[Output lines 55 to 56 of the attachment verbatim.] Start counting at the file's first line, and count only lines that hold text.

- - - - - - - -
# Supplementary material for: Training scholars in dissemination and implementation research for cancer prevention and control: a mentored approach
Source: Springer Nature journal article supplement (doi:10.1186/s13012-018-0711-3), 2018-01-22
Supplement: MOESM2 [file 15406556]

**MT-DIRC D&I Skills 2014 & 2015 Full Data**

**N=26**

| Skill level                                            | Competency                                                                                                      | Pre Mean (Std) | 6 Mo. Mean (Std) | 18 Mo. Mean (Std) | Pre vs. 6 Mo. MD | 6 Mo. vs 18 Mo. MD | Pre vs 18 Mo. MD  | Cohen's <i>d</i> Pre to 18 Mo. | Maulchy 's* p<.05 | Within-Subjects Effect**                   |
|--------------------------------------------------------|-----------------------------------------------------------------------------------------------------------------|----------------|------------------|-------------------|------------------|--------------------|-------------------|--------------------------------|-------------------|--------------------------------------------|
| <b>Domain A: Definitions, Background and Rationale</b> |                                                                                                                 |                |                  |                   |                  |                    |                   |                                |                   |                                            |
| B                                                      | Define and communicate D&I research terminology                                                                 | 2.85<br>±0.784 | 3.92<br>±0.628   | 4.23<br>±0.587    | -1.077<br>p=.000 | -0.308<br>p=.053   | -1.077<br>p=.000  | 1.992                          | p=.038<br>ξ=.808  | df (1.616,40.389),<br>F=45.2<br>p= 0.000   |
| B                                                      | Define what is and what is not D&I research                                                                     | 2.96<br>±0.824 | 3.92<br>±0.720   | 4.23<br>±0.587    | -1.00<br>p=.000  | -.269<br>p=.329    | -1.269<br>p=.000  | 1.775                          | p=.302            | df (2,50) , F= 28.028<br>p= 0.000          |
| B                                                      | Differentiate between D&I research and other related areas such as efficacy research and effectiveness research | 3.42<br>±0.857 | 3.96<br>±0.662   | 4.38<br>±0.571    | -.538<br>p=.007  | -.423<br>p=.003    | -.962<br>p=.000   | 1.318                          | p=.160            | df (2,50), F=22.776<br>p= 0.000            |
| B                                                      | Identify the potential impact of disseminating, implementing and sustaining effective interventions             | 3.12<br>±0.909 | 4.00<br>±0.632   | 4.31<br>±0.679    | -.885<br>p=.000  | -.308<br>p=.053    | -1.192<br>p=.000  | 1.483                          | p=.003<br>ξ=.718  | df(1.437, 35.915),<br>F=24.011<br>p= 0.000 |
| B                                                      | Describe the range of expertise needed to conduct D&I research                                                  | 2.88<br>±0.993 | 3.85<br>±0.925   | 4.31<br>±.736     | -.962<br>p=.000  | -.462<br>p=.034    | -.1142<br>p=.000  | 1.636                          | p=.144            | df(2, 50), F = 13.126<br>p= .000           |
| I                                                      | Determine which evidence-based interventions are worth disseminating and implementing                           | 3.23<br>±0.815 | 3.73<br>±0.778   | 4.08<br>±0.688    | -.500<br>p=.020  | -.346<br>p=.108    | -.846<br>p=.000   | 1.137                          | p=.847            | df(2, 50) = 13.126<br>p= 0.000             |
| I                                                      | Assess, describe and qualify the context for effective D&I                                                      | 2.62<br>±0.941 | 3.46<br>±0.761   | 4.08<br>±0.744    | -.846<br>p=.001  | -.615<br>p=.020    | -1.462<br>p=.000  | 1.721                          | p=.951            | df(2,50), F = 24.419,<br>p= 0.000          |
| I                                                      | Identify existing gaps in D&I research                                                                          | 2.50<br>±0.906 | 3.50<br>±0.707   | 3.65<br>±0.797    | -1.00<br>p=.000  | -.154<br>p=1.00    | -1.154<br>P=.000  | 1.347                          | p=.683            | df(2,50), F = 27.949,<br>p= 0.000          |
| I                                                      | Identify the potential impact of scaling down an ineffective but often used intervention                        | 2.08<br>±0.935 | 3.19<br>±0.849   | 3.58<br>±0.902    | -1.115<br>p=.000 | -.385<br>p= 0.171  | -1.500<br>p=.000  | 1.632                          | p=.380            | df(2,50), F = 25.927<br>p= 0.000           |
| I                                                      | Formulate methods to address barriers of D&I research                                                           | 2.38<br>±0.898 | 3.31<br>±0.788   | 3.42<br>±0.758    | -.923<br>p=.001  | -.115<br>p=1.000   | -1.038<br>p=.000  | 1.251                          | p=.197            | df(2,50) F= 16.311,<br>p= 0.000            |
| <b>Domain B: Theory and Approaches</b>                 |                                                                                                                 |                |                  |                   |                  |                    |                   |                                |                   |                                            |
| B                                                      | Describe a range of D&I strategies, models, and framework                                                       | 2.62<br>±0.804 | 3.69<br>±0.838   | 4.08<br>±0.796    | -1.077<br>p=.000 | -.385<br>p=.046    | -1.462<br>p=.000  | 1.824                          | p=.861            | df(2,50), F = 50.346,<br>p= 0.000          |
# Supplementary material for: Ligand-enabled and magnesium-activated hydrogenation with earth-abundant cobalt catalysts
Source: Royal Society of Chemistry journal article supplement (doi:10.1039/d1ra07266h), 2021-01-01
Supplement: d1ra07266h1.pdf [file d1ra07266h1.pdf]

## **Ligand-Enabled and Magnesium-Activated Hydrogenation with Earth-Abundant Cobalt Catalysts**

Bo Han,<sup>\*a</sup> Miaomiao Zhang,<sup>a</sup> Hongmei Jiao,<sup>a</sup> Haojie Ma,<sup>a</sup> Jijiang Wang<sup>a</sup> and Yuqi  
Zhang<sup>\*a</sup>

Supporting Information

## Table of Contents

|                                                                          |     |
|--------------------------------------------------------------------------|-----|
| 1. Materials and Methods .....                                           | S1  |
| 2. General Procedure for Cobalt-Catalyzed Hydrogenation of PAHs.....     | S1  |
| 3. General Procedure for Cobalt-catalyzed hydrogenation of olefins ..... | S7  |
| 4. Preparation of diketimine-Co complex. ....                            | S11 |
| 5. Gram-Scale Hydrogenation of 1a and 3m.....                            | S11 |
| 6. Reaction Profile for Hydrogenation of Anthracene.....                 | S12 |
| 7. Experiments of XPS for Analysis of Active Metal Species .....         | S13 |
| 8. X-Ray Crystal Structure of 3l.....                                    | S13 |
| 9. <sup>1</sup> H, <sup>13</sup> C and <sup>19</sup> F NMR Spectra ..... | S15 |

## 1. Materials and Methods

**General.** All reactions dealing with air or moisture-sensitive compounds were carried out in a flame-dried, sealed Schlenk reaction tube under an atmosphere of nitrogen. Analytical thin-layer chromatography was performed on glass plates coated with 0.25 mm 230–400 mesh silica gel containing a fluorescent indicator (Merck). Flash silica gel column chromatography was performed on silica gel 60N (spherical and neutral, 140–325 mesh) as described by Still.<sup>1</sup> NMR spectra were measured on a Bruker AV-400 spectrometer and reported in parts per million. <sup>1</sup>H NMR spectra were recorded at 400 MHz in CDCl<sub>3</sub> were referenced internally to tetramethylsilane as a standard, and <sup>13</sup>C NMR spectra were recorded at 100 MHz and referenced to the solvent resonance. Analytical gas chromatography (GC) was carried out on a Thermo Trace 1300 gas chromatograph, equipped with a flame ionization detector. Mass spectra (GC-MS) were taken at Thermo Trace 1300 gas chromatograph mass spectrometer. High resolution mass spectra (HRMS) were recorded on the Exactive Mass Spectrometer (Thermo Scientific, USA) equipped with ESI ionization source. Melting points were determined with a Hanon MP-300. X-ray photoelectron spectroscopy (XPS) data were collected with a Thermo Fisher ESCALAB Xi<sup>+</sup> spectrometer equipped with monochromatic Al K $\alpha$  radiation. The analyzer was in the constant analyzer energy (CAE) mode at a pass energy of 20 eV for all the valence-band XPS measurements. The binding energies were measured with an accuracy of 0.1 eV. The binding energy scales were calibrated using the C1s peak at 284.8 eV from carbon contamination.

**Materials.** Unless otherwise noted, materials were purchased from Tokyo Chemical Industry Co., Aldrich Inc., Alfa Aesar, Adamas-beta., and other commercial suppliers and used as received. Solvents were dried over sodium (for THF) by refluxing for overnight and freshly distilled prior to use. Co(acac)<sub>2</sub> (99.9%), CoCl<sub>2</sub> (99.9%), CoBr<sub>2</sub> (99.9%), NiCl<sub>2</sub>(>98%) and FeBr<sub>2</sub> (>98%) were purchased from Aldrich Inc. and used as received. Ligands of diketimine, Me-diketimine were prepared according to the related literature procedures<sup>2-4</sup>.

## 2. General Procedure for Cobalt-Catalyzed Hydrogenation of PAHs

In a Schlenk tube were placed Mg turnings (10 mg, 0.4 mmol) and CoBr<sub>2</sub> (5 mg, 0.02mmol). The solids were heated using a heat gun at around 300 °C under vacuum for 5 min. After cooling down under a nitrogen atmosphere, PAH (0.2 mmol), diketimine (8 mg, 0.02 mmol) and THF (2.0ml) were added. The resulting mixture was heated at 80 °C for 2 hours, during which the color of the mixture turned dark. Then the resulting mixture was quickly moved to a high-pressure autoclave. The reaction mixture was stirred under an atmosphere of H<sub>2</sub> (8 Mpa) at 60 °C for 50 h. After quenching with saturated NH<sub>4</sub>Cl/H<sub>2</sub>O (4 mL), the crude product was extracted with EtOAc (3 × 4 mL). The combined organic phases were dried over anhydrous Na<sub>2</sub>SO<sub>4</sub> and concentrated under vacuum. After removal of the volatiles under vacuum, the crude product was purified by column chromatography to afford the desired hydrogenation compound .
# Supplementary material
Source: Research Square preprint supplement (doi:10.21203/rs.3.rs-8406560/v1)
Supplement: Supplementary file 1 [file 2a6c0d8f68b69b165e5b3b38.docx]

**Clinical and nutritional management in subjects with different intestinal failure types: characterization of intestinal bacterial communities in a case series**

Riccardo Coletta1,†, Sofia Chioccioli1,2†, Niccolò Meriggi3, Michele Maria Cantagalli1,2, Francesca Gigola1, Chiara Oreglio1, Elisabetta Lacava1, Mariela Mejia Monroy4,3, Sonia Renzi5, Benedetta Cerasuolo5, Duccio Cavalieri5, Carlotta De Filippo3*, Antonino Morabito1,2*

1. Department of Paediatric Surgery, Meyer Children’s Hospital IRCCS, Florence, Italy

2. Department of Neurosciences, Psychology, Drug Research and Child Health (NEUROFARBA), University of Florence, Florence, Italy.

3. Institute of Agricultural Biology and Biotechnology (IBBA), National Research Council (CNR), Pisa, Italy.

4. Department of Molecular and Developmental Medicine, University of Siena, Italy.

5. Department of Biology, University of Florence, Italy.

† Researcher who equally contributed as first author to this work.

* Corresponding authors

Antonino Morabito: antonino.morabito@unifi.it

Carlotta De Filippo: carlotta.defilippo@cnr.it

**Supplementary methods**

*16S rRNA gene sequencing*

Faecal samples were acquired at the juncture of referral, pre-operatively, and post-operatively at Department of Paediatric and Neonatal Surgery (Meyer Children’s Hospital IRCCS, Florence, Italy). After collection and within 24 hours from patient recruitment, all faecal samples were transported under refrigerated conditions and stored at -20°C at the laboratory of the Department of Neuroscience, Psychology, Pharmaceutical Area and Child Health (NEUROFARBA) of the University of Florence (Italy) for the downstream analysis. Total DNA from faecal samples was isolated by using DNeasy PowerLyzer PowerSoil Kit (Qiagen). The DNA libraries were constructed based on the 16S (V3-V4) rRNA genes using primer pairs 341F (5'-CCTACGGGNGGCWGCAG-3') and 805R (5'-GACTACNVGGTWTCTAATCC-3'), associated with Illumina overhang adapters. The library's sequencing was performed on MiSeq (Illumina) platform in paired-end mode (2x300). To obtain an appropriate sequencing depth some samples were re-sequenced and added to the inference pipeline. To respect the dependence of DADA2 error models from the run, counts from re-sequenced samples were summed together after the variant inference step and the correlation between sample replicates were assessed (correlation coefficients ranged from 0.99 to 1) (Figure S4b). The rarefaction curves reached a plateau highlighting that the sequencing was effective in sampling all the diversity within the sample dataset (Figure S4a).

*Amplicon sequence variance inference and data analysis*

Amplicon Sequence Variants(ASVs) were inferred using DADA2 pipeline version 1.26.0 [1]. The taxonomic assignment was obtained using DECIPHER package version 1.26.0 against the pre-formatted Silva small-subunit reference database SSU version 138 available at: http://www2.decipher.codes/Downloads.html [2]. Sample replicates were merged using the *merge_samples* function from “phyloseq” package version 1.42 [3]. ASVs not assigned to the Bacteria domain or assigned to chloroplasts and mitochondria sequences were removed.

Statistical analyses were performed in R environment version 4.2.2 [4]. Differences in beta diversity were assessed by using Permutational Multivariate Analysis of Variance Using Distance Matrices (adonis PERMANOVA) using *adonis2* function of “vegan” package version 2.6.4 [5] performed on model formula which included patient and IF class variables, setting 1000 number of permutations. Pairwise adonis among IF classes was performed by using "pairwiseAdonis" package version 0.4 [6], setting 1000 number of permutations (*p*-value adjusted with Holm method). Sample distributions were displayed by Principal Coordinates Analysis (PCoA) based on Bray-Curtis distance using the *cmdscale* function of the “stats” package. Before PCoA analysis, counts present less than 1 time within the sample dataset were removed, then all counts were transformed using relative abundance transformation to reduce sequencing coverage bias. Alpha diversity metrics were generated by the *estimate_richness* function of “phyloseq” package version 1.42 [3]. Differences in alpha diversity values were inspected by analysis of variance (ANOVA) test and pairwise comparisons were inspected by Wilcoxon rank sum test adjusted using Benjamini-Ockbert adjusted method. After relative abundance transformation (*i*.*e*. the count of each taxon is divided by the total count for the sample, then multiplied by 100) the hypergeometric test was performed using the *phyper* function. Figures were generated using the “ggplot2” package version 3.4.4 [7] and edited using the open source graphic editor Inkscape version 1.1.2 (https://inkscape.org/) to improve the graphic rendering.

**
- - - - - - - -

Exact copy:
† Researcher who equally contributed as first author to this work.

* Corresponding authors